July 13, 2023
The Covid-19 pandemic made connecting on an interpersonal level more difficult, sparking many people to suddenly realize how much they value social interaction. While restrictions on travel and recreation have largely fallen away, remote work is here to stay in some form or another. As a result, the disruption of our social ties in the workplace have been more enduring than in our personal lives. The more recent push by some companies to return to in-person work has raised important questions about the role of workplace social connections.
We recently surveyed senior people leaders at Glassdoor’s Best Places to Work about community in the evolving workplace, with a special focus on how remote work has changed workplace relationships and the most effective strategies to build workplace connections on remote or distributed teams.
Survey respondents overwhelmingly agree that workplace social connections are important to employee engagement and that the workplace has become more socially isolating in recent years. The panel was sharply divided on whether it is more difficult to build interpersonal ties on remote or distributed teams. Respondent commentary suggests substantial nuance underneath this consensus.
The panel overwhelmingly agreed that workplace social connections are important to employee engagement (69% “agree” or “strongly agree”), and that most managers have a good sense of whether their employees are happy in their jobs (76% “agree” or “strongly agree”). But the panelist commentary suggests some caveats. One respondent noted that “a recent round of internal anonymous surveys yielded that there was not conclusive evidence that there is direct correlation between social connections and engagement,” and another noted how “it’s not a magic bullet” because some workplace social norms can be exclusive rather than inclusive. With respect to how attuned managers are to their team’s wellbeing, one respondent noted that “given remote, hybrid, etc. I am not sure how many managers really take the time to connect with their team on a regular basis.”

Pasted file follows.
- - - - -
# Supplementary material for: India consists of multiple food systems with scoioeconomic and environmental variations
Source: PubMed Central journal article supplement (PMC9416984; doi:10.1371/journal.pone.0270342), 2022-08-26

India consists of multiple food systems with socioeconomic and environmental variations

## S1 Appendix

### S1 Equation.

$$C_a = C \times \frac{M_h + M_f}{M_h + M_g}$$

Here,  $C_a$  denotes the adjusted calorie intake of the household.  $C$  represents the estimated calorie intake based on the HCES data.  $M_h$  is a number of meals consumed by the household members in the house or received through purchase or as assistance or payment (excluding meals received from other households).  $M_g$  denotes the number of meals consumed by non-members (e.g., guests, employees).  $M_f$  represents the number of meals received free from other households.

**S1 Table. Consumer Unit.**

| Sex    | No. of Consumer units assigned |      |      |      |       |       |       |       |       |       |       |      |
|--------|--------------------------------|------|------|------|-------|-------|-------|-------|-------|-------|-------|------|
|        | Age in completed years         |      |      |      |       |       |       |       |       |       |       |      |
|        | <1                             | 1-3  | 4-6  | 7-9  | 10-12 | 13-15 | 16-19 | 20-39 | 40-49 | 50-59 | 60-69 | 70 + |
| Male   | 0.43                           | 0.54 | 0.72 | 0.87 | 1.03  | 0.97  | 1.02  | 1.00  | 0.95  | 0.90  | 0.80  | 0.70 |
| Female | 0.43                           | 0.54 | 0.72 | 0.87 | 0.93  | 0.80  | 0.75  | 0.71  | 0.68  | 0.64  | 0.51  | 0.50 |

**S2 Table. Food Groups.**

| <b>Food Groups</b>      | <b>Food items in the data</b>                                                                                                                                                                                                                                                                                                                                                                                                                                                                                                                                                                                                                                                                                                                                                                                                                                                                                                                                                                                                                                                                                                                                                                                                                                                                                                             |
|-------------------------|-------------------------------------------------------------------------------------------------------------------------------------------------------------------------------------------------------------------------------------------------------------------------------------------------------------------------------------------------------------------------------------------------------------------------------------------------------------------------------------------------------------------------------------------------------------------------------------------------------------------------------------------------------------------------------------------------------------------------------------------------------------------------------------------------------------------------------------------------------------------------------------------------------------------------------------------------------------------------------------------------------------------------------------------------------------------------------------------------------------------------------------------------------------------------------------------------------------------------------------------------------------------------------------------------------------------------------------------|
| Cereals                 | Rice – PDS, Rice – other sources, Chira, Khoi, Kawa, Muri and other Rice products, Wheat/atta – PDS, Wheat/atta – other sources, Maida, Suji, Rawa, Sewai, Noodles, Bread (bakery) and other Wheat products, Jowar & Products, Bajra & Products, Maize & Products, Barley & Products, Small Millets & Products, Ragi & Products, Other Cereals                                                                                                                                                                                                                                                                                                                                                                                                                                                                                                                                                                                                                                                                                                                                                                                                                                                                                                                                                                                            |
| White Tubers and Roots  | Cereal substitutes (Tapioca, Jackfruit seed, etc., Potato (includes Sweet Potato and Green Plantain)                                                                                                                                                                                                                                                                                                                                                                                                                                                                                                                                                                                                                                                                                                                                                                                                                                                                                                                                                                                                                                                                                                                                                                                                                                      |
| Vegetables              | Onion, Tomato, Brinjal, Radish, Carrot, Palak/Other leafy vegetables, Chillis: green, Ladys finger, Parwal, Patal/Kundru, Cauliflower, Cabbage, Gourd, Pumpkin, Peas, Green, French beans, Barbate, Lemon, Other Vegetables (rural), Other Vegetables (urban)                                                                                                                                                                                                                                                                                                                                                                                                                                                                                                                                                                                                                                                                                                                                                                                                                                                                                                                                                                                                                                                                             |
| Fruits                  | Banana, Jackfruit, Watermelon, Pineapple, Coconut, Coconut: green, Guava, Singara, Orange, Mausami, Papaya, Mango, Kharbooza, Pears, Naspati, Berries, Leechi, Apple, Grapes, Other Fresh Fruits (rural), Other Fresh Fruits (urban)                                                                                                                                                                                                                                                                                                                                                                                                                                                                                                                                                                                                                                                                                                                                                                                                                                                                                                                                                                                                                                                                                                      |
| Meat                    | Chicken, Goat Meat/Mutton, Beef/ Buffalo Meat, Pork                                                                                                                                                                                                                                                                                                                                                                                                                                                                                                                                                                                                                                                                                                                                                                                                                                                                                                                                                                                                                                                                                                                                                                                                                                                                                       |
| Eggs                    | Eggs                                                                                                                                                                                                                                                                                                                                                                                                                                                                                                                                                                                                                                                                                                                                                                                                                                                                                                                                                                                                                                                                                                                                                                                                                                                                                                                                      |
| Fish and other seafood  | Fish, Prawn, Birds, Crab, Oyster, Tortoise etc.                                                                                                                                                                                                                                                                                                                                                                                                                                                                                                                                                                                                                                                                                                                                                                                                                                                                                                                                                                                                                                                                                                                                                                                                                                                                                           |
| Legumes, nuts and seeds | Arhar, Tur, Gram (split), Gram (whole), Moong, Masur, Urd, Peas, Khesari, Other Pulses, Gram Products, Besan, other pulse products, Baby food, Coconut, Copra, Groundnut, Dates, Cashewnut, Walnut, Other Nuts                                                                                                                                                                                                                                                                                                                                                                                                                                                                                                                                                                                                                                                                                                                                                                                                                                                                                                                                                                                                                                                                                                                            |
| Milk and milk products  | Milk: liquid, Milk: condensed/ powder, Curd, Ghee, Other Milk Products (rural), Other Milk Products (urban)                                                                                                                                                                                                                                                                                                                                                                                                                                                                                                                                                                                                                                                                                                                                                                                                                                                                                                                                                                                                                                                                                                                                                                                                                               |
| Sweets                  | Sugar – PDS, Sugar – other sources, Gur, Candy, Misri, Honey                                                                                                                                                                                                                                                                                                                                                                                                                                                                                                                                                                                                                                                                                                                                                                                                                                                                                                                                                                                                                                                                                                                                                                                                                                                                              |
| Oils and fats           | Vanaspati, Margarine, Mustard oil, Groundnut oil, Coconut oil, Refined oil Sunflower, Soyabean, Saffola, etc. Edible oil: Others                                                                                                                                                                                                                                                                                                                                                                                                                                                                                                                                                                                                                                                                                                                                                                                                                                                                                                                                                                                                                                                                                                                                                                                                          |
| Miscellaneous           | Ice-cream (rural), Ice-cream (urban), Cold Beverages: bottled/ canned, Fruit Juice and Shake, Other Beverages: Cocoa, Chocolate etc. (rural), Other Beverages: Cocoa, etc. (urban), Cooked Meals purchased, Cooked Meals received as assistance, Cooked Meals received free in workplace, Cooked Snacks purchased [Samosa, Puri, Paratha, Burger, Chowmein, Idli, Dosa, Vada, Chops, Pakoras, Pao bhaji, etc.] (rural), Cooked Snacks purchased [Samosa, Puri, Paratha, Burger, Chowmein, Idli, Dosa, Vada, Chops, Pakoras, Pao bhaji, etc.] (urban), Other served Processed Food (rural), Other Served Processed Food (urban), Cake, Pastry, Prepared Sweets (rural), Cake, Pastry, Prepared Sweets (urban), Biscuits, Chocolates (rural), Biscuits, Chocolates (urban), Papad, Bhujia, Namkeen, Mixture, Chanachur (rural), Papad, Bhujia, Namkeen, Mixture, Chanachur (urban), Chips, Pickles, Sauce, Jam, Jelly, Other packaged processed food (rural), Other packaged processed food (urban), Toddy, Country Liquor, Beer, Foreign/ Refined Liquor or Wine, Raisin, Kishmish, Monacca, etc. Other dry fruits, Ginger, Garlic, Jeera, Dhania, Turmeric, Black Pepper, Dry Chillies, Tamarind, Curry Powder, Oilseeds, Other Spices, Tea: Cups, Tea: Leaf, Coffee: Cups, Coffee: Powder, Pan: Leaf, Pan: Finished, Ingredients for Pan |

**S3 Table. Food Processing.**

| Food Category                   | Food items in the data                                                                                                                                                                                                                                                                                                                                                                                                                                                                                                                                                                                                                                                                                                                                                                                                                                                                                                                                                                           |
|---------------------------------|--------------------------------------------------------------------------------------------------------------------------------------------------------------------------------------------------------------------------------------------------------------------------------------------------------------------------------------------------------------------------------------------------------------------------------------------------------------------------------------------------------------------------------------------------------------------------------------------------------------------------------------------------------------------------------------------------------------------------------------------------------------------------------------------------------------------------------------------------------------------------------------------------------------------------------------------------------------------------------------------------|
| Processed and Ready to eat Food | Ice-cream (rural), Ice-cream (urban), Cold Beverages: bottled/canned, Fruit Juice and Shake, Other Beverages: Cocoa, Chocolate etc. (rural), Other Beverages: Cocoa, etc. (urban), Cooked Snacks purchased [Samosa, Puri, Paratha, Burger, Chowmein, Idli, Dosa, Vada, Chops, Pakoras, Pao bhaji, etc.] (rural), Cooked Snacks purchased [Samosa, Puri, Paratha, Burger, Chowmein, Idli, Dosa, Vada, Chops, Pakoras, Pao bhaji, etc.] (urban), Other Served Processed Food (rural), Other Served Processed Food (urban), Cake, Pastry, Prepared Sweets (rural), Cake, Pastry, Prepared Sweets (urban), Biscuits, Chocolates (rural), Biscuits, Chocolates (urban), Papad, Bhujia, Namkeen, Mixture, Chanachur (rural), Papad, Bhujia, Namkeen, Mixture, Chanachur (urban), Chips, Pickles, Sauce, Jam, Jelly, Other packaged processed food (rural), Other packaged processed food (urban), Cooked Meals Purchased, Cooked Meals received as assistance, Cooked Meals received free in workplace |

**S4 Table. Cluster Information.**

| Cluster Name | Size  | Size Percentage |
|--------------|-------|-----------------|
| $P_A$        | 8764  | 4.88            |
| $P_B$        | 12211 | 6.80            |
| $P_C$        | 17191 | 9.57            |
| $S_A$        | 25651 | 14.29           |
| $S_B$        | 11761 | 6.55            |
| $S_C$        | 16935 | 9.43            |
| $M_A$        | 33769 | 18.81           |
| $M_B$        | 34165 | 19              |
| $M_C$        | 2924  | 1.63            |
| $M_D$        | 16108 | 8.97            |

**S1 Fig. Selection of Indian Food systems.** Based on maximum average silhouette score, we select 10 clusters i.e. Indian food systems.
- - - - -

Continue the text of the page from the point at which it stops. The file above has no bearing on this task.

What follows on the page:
The panel also agreed that the workplace has become more socially isolating in recent years: 69% of respondents “agreed” or “strongly agreed” with the statement. Respondent commentary pointed to the obvious reason: Remote work. “Work is more transactional vs. relationship driven [as a result of hybrid and remote work],” one respondent noted, while another said “many companies (including ours) still have a remote onboarding ‘hangover’ when it comes to building deep relationships.”
Respondents did not necessarily think that social isolation was an inevitable result of hybrid or remote work: “The ability to socially interact with one another is very possible, and effective, in the hybrid work environment. It just requires more intentionality, as well as a desire to seek each other out for meaningful conversations and connection points.” One respondent who “neither agreed nor disagreed” with statement had a pointed observation: “Remote work doesn't seem to be the reason people don't feel as connected. I think everyone's workload has increased tremendously over the last few years and that's the main reason for the disconnect.”
People leaders were more divided on the question of whether it’s more difficult to build trust on remote or distributed teams: 44% of respondents “disagreed” or “strongly disagreed” with the statement while 38% “agreed” or “strongly agreed”. (The remaining 17% neither agreed nor disagreed.)
One respondent who agreed with the statement noted that “most companies are not doing this well, and have not yet pivoted from investing in physical workplaces to investing in regular team building and travel across all levels, and/or programs to unite remote/distributed teams.” Another comment had a similar sentiment: “It’s not impossible, it can be done. But [it] take[s] much more time, effort and diligence on all team members’ parts.” Among respondents who disagreed with the statement, commentary tended to focus on new habits: “Trust can be built even if the teams are remote depending on the conversations held even virtually, how each team member supports one another and how much transparency is maintained within teams.”